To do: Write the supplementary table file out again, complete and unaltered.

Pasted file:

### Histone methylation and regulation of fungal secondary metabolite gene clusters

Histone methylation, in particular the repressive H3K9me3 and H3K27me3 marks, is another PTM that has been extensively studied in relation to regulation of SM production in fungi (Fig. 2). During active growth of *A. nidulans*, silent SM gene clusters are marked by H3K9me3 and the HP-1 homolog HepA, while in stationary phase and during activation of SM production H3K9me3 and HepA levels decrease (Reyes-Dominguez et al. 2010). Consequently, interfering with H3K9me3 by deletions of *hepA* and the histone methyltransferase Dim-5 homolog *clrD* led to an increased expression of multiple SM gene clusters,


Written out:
### Histone methylation and regulation of fungal secondary metabolite gene clusters

Histone methylation, in particular the repressive H3K9me3 and H3K27me3 marks, is another PTM that has been extensively studied in relation to regulation of SM production in fungi (Fig. 2). During active growth of *A. nidulans*, silent SM gene clusters are marked by H3K9me3 and the HP-1 homolog HepA, while in stationary phase and during activation of SM production H3K9me3 and HepA levels decrease (Reyes-Dominguez et al. 2010). Consequently, interfering with H3K9me3 by deletions of *hepA* and the histone methyltransferase Dim-5 homolog *clrD* led to an increased expression of multiple SM gene clusters,